Use recycled and reusable materials
We all want our gardens to look their very best, but this shouldn’t be at the expense of the environment. Making smarter choices about the materials you use in your garden can ensure you’re working towards a more sustainable way of gardening. For example, instead of buying brand new plant pots, consider improvising with what you already have. You can upcycle anything from old drawers, tyres, and crates into planters, and making use of what would otherwise be scrap will ensure you’re doing some good for the environment.
Making your own compost is also a great way of reducing any household waste while adding nutrients to your soil. You can primarily use food scraps to make your compost but, if you wish to add wood chippings to bulk it out, make sensible choices and choose ones that have been recycled. If you have any leftover chippings that you won’t need, you can consign these to your council’s recycling centre.
Water is a precious resource that many Brits take for granted, but you can help reduce the amount of water the UK wastes by thinking responsibly about how you use it in the garden. In many cases, you can replace using fresh water from the hose by collecting rainwater and using that instead.
Rainwater is relatively pure in comparison to tap water and is also a smart and sustainable choice for watering everything from your plants, flowers and grass. A simple way of collecting rainwater for these purposes is to keep large buckets dotted around your garden, ready to be filled when there are downpours.
Your gutters are a haven for rainwater to build up in after showery spells, but the water can do more good in your garden than it can up there. Add a downspout extension to your gutters to divert any captured water to your plants, or to ground level where you can make better use of it.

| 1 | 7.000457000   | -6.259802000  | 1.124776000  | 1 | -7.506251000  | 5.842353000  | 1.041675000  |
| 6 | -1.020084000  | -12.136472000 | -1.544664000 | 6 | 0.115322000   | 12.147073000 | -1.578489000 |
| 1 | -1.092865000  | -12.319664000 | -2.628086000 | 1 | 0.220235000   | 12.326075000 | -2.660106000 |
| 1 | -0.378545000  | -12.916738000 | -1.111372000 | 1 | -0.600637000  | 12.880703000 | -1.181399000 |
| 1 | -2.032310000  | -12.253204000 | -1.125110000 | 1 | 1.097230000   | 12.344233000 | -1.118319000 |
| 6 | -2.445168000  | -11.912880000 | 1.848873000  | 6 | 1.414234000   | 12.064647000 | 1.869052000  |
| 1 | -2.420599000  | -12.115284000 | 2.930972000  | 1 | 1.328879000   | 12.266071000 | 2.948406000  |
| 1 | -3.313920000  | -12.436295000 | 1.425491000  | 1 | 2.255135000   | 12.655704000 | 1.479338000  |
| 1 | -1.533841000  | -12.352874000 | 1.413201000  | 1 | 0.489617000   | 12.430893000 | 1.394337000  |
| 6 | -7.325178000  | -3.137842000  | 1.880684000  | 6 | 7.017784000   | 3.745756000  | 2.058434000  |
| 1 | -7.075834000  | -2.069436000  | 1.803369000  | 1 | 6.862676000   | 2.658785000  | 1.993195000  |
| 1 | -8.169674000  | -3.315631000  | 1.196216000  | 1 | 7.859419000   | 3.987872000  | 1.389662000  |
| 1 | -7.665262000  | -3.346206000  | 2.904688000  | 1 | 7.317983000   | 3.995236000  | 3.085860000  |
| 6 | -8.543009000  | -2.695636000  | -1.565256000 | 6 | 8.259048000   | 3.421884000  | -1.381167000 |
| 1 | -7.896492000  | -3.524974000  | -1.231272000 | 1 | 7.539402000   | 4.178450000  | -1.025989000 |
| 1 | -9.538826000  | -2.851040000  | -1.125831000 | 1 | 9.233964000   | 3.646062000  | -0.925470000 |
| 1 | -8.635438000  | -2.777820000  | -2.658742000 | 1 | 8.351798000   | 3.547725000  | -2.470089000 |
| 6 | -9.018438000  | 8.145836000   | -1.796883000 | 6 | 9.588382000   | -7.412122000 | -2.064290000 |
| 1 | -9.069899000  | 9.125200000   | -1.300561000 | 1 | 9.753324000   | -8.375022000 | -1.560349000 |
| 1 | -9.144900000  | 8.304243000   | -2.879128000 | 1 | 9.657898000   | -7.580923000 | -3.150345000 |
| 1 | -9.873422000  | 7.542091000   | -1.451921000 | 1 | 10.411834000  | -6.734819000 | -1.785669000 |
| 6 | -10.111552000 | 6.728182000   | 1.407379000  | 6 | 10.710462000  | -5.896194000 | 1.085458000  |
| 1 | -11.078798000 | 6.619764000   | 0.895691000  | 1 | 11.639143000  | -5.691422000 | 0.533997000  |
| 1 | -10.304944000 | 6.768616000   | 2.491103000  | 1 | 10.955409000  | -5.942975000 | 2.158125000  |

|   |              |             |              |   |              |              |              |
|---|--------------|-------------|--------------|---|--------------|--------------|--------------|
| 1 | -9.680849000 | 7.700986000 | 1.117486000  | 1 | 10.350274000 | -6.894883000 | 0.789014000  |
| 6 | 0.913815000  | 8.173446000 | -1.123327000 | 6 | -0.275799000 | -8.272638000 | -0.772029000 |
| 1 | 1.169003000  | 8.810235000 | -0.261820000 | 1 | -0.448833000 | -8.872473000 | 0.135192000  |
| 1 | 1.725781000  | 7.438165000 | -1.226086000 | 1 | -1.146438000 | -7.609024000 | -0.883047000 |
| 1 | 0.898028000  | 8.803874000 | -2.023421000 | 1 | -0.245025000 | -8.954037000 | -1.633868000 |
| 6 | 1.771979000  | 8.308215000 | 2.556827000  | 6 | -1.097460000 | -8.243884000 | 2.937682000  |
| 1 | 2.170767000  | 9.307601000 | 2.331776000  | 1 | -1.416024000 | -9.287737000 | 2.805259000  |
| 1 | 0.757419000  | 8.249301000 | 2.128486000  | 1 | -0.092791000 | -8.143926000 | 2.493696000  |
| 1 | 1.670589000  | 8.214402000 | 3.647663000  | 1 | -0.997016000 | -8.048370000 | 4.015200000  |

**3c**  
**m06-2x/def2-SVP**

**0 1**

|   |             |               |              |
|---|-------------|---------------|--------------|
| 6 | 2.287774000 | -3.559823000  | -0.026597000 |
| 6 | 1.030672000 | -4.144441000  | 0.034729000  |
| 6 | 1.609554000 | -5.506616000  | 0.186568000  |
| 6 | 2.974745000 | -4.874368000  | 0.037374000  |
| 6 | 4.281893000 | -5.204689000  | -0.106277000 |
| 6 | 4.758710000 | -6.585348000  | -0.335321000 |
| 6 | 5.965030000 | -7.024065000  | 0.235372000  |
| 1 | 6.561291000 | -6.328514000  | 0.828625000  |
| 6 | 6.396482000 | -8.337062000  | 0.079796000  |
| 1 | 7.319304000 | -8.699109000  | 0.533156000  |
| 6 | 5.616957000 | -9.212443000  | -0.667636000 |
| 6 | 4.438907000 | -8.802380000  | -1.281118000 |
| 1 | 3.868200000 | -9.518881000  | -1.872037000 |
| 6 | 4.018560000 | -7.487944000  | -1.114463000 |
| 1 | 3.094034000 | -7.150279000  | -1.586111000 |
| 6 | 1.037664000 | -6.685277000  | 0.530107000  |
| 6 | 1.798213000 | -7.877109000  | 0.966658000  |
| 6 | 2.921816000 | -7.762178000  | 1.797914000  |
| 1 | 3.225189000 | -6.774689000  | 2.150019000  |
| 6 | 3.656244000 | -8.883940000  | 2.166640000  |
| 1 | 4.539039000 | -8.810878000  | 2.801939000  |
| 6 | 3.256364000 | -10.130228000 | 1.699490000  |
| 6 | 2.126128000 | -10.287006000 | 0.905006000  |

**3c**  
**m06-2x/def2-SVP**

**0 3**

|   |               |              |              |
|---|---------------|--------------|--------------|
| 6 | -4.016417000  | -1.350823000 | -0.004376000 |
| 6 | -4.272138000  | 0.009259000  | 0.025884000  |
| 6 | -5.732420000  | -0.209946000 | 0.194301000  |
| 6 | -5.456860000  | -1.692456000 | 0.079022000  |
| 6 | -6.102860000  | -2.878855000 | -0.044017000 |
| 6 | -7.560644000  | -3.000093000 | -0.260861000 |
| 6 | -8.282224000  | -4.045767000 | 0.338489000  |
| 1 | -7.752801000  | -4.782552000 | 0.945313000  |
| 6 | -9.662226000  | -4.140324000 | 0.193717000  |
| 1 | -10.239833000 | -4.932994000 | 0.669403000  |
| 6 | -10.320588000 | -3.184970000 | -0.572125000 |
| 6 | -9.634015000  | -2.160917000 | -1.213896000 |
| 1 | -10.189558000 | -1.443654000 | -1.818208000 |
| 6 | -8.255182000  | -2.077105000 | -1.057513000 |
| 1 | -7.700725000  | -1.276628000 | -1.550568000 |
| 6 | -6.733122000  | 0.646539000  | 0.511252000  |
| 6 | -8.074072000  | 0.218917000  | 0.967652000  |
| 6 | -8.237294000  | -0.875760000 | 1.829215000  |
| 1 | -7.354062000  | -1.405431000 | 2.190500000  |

Minimise your use of power tools
While mowers and bush cutters can make your weekend jobs a little easier, these power tools can have a significant impact on the environment. Not only can they pollute the air with excess carbon dioxide which contributes to global warming, but they can also pose a threat to wildlife. To avoid the latter, it will be a sensible idea to monitor wildlife in the month leading up to when you plan to use your tools and take a careful look at any nests or animal homes that have been made. Doing this can mean you can stop any accidental wildlife fatalities, particularly of squirrels and birds.
I know it’s not possible to avoid using tools completely, but there are some more environmentally friendly alternatives. For example, energy-efficient or solar-powered lawnmowers will help you to reduce your carbon footprint.
The Attenborough effect has just begun and, given how much of an impact it has already had, it’d be no surprise to see more people getting on board with a more sustainable way of living. So, get involved now and follow my tips to create a more environmentally friendly garden.
The author of this article is Noel Roeber, Online Horticultural Expert at Wyevale Garden Centres
Leave a Reply